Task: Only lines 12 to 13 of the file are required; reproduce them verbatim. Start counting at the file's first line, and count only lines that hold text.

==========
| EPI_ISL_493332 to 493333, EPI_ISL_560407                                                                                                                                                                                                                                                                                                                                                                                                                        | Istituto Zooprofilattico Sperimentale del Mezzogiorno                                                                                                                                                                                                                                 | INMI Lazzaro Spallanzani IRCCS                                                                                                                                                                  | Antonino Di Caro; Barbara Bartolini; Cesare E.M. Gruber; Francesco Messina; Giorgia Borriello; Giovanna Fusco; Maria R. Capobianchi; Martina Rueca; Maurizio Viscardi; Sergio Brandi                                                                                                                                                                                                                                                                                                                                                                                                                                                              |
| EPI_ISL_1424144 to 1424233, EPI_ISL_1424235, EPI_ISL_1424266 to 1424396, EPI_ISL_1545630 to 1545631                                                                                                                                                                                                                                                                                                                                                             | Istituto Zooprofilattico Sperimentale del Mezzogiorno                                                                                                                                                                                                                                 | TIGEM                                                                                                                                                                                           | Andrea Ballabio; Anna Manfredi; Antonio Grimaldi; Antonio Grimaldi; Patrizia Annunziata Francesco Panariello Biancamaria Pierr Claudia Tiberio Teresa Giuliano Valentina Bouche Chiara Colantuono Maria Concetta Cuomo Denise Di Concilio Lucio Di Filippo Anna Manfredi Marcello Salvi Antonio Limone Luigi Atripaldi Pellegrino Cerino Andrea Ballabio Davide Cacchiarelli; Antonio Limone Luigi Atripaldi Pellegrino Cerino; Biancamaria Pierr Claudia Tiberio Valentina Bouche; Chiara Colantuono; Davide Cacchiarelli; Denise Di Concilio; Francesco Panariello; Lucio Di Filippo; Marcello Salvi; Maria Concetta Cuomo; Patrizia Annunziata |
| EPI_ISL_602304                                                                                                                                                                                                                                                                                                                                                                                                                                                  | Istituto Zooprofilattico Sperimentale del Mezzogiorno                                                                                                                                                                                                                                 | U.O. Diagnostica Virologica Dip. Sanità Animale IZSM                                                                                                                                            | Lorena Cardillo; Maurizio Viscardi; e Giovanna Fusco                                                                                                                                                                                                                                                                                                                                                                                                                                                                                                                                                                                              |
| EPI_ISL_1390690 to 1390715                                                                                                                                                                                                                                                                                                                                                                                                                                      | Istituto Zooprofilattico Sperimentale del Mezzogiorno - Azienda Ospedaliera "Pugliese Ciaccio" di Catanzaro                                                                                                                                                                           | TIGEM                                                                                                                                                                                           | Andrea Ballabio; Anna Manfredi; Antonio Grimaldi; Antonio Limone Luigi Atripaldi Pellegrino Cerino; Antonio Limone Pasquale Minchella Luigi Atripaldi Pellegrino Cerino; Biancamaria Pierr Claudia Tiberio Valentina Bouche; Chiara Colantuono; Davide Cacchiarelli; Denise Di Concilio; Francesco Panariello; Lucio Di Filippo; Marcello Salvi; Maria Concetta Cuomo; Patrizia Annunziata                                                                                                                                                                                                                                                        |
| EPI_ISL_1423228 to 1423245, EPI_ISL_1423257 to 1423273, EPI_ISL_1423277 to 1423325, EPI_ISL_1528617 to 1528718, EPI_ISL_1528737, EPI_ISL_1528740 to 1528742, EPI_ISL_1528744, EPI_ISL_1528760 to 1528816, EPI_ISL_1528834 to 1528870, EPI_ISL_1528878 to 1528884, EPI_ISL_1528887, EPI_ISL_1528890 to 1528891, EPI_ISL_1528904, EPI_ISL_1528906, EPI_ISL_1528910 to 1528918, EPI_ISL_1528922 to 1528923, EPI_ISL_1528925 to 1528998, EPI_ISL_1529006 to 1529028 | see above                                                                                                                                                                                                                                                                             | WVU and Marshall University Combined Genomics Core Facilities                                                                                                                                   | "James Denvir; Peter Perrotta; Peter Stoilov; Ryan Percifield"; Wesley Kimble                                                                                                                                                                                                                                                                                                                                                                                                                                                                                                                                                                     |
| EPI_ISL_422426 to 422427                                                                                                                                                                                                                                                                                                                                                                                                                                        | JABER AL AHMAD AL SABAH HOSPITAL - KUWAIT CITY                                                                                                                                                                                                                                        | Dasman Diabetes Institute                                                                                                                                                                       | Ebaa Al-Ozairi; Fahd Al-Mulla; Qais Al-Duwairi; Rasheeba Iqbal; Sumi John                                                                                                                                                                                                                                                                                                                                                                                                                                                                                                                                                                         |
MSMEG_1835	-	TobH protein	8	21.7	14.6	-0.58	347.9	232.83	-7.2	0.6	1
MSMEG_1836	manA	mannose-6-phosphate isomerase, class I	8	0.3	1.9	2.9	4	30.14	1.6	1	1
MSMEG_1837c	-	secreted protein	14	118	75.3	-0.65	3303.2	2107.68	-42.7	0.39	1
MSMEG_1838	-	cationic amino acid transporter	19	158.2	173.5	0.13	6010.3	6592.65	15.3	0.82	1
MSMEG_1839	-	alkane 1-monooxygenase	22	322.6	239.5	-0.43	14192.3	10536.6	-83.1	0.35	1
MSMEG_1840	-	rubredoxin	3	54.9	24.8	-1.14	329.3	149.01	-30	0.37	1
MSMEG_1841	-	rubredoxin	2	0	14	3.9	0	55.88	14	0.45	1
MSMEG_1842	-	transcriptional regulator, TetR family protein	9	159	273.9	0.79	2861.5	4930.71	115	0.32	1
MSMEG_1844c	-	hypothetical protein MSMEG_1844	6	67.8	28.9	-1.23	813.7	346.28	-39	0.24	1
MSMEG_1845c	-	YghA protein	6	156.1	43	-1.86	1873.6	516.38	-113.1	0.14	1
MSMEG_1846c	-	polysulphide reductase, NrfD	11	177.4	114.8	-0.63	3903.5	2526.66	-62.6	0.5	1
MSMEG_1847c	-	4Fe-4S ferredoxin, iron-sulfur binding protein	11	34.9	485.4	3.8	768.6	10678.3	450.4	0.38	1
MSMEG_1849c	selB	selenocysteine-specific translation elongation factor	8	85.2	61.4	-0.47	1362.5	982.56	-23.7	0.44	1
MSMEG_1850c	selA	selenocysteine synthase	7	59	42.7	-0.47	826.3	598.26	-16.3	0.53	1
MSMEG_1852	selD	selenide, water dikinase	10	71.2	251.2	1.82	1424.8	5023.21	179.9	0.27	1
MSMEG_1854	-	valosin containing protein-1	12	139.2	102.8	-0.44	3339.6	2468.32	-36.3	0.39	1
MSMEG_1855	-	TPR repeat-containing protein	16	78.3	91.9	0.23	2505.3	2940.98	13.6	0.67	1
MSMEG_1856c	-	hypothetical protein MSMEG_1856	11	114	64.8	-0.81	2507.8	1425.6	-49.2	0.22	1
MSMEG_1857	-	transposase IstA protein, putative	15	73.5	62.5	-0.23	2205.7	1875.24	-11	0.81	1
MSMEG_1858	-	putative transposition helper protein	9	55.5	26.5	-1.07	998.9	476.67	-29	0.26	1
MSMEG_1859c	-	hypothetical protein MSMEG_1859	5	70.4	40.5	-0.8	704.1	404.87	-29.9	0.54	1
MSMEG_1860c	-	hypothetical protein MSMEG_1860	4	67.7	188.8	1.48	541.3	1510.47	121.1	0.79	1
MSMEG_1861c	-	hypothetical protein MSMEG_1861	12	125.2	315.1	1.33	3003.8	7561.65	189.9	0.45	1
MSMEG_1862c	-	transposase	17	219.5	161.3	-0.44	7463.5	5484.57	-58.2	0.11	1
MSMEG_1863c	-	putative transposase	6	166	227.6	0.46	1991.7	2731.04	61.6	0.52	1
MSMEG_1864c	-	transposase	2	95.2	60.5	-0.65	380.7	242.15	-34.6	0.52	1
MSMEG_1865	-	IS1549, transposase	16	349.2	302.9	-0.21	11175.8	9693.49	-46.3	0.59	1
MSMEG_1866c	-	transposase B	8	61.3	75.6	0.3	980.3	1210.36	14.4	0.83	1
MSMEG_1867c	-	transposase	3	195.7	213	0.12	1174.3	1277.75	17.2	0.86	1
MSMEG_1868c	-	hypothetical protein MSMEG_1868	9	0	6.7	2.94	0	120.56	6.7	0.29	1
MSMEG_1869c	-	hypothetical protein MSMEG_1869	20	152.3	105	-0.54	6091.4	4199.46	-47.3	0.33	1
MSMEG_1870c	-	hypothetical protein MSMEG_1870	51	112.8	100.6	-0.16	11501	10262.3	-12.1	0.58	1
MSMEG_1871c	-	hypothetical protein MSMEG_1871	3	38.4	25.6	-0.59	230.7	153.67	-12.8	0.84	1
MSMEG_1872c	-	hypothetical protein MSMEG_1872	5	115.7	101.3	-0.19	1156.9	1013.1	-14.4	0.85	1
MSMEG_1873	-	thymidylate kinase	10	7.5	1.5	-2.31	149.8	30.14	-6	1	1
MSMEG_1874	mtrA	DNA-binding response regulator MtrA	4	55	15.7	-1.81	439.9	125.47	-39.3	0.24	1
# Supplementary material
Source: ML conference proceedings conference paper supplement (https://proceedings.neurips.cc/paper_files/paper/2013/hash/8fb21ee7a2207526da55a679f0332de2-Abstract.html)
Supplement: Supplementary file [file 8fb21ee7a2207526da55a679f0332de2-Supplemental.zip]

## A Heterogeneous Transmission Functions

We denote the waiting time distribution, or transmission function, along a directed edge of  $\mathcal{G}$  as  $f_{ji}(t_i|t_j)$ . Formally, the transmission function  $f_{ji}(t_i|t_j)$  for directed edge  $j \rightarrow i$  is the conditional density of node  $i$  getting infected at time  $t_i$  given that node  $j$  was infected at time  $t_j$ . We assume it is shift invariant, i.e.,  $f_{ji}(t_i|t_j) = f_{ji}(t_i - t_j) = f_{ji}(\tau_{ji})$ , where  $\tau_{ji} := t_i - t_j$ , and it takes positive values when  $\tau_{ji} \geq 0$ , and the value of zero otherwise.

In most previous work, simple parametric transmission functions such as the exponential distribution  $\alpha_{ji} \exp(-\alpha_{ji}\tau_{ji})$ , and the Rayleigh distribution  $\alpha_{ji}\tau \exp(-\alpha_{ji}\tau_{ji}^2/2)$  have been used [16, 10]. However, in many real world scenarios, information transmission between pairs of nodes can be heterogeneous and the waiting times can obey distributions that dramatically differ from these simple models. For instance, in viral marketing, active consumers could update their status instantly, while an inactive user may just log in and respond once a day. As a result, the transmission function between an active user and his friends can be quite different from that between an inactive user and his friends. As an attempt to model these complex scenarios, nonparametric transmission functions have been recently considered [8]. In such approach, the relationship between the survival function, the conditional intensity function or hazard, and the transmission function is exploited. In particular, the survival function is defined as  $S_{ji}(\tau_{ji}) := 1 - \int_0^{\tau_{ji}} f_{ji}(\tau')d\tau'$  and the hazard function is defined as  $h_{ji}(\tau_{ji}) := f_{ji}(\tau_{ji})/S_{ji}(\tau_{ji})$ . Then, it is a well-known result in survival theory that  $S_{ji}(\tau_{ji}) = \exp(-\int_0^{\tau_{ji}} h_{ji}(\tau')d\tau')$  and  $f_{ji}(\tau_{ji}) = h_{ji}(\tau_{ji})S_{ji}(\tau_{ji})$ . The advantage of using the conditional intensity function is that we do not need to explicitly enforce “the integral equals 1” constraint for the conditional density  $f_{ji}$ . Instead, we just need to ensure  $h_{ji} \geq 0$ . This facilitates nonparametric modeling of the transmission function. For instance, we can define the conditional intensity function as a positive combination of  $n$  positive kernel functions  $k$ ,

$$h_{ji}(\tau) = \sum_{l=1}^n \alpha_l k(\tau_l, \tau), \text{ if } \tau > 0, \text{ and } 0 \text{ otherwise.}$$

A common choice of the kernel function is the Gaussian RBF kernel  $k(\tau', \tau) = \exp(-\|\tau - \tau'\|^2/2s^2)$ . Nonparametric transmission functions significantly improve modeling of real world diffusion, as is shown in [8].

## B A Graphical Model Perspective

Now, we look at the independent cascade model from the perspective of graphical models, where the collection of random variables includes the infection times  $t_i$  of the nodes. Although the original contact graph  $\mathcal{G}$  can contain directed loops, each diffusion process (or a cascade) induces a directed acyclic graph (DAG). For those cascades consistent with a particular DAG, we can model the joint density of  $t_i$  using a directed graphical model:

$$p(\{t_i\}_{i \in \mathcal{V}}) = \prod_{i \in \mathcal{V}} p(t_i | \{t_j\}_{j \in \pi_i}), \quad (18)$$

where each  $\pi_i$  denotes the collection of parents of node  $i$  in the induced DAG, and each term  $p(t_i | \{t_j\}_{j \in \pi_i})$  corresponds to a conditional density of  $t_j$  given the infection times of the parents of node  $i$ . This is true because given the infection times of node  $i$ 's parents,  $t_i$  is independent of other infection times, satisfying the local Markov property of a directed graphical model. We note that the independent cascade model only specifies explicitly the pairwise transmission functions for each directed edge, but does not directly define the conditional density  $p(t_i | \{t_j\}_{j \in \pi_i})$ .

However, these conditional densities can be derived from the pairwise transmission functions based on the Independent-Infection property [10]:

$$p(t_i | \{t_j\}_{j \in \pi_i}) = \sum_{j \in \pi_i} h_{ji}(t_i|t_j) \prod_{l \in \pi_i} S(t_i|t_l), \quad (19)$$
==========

MSMEG_1840	-	rubredoxin	3	54.9	24.8	-1.14	329.3	149.01	-30	0.37	1
MSMEG_1841	-	rubredoxin	2	0	14	3.9	0	55.88	14	0.45	1